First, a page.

>> Today, we move onto amendments on the substance of the government's negotiations.>> Britain's departure from the EU is set to pass a major obstacle. The Brexit bill legislating for divorce proceedings to begin looks like it has passed through the House of Commons. And Reuters' Carly McLaren says it's putting opposition Labour MPs in a tight spot.
>> While the country voted to leave the European Union, their own constituency might have voted to remain. And, therefore, they are split as to whether they should respect the will of their constituents or the wider democratic vote, particularly several Labour MPs, and London Labour MPs are in that position.
Many are choosing to respect the will of their constituency and vote against the bill.>> This may mean a number of front bench Labour MPs are either sacked or resign. That fate likely awaits if they rebel against their leader Jeremy Corbyn's order to pass the bill. In theory, the conservatives have the slim majority to back the legislation if they can avoid pro-EU MPs rebelling.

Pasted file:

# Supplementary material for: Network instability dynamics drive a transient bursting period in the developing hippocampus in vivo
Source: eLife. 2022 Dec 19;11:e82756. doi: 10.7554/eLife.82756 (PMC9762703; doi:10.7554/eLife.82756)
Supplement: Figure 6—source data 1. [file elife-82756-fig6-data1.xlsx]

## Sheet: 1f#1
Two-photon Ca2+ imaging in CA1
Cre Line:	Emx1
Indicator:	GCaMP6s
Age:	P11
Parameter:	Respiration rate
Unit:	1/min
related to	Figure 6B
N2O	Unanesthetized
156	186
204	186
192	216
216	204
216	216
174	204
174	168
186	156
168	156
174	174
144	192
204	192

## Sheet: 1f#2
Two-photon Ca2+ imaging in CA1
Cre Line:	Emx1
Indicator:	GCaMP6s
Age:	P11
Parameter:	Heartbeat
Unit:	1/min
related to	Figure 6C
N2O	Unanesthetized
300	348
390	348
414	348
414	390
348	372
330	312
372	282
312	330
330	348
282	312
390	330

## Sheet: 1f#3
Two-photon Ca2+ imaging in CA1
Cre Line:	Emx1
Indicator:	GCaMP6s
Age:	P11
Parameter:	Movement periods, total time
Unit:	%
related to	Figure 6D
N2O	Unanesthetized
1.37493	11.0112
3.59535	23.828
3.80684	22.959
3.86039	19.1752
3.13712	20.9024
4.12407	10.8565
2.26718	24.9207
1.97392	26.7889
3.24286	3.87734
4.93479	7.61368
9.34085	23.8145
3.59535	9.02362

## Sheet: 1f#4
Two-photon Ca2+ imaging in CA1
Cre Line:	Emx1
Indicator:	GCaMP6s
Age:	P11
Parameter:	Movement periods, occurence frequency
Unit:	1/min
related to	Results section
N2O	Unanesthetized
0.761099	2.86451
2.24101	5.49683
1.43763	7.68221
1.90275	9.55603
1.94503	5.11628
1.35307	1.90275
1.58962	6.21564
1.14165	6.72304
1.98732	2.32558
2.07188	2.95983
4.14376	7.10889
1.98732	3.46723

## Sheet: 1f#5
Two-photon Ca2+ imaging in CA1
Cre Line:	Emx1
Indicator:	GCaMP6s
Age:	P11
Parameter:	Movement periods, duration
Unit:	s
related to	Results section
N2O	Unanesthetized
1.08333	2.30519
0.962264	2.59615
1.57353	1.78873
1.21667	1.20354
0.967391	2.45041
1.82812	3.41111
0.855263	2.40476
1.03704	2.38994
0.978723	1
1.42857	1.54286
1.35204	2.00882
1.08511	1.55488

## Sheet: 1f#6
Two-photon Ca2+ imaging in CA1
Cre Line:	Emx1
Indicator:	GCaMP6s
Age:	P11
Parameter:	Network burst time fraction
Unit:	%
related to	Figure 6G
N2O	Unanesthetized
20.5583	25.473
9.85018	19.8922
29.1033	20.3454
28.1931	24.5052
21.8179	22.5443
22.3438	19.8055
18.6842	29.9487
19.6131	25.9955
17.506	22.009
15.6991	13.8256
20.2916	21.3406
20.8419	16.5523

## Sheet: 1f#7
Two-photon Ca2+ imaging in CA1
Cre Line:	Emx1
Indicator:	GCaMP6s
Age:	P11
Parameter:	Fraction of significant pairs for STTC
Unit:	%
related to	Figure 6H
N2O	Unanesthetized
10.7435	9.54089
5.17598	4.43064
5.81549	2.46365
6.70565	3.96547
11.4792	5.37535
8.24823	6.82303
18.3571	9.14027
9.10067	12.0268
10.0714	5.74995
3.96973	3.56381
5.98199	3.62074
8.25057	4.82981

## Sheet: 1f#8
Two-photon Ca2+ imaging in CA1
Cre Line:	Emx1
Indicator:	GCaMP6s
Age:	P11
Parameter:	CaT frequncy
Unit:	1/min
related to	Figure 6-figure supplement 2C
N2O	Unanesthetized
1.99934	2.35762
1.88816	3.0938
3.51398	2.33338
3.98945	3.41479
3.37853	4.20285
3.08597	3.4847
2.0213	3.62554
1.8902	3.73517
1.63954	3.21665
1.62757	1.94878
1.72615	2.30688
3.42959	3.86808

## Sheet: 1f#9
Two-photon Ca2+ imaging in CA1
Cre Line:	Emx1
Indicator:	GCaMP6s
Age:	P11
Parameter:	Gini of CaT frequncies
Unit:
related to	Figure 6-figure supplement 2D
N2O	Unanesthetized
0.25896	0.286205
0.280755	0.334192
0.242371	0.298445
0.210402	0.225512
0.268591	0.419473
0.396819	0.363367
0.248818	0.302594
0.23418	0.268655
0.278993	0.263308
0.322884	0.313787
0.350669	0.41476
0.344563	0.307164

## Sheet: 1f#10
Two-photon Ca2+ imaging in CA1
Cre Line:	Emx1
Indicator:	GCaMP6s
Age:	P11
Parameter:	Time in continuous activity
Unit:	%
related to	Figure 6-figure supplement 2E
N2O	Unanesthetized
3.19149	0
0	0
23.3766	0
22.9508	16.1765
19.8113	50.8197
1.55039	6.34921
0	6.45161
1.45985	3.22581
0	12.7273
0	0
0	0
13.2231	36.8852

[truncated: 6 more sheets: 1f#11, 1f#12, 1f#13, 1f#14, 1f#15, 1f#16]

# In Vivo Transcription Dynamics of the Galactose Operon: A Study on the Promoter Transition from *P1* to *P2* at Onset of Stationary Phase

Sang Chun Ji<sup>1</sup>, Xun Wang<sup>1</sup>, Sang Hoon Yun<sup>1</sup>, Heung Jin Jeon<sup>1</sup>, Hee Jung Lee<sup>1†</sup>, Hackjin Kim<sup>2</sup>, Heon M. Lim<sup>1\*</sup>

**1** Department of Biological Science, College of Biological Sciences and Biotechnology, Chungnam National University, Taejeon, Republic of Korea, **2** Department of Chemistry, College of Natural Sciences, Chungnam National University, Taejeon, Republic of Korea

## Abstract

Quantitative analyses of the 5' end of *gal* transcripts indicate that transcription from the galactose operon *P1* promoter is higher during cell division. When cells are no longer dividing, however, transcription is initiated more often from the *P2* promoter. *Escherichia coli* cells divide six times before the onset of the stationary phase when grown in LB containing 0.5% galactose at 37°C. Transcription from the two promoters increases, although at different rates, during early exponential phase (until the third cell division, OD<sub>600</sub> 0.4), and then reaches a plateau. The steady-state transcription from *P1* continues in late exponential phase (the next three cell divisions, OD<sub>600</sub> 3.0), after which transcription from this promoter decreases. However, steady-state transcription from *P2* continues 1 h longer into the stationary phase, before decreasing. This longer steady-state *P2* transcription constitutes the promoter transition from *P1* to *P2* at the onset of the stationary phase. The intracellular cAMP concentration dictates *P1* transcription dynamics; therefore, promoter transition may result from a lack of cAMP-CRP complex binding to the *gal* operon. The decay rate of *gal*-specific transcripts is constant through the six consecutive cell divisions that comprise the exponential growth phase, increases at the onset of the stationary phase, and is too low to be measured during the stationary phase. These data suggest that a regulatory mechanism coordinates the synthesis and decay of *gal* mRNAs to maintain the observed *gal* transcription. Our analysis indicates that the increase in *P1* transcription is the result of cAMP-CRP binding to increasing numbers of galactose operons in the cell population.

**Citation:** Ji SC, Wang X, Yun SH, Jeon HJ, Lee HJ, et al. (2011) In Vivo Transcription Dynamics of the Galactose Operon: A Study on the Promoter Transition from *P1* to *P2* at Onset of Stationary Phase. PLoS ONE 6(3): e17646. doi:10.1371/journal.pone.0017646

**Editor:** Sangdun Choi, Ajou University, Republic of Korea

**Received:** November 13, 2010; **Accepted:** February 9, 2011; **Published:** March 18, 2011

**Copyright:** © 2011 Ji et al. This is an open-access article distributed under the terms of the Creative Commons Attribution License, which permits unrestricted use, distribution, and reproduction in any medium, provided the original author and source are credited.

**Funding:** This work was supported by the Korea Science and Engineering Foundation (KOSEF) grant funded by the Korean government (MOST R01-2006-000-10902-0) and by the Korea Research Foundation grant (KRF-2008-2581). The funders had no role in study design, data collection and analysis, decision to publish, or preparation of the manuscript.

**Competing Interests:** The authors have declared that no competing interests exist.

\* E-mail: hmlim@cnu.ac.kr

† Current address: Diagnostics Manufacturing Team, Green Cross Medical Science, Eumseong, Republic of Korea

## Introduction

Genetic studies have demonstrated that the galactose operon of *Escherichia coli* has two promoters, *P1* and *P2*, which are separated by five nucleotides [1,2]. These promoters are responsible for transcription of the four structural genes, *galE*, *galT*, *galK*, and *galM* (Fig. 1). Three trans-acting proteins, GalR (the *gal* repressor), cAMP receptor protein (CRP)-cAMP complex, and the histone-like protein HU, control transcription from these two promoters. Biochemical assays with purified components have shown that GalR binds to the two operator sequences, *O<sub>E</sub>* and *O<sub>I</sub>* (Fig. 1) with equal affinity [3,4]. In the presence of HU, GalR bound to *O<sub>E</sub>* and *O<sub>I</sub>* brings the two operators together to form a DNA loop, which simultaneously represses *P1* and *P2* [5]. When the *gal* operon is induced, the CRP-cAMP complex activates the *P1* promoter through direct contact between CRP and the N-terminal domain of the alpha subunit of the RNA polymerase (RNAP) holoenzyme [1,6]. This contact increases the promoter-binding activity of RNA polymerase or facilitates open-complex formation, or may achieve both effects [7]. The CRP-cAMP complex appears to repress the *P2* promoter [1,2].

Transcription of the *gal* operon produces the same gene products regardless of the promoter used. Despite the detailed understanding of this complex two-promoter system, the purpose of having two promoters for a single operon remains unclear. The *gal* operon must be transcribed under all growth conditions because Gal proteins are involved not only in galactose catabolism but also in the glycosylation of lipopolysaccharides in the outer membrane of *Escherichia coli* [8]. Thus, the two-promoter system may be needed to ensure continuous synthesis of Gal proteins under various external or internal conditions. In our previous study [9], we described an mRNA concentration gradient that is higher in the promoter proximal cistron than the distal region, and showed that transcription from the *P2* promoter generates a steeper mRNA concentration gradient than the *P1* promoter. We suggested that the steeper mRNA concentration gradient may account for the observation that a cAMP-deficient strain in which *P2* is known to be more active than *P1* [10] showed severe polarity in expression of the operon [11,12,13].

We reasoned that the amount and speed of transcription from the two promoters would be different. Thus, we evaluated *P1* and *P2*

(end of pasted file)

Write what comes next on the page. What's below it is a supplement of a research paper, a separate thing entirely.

Throughout three days of debate, a flurry of amendments have been proposed.>> If this bill passes unamended, then his position and point of influence will pass with it.>> Including forcing the government to regularly report back to Parliament, but so far none have stuck.>> If the bill passes without any amendments, as is expected, that would give Theresa May and the government a green light to get on with Brexit in the way that she has already set out her plans for the negotiations, including leaving the EU's single market.
So Labour and other opposition parties will have failed in their attempts to kind of shape that Brexit deal so far.>> Next stop will be the unelected House of Lords. There the government can't call upon a majority, but it can still call upon a so far successful argument.
To block Brexit is to disrupt democracy.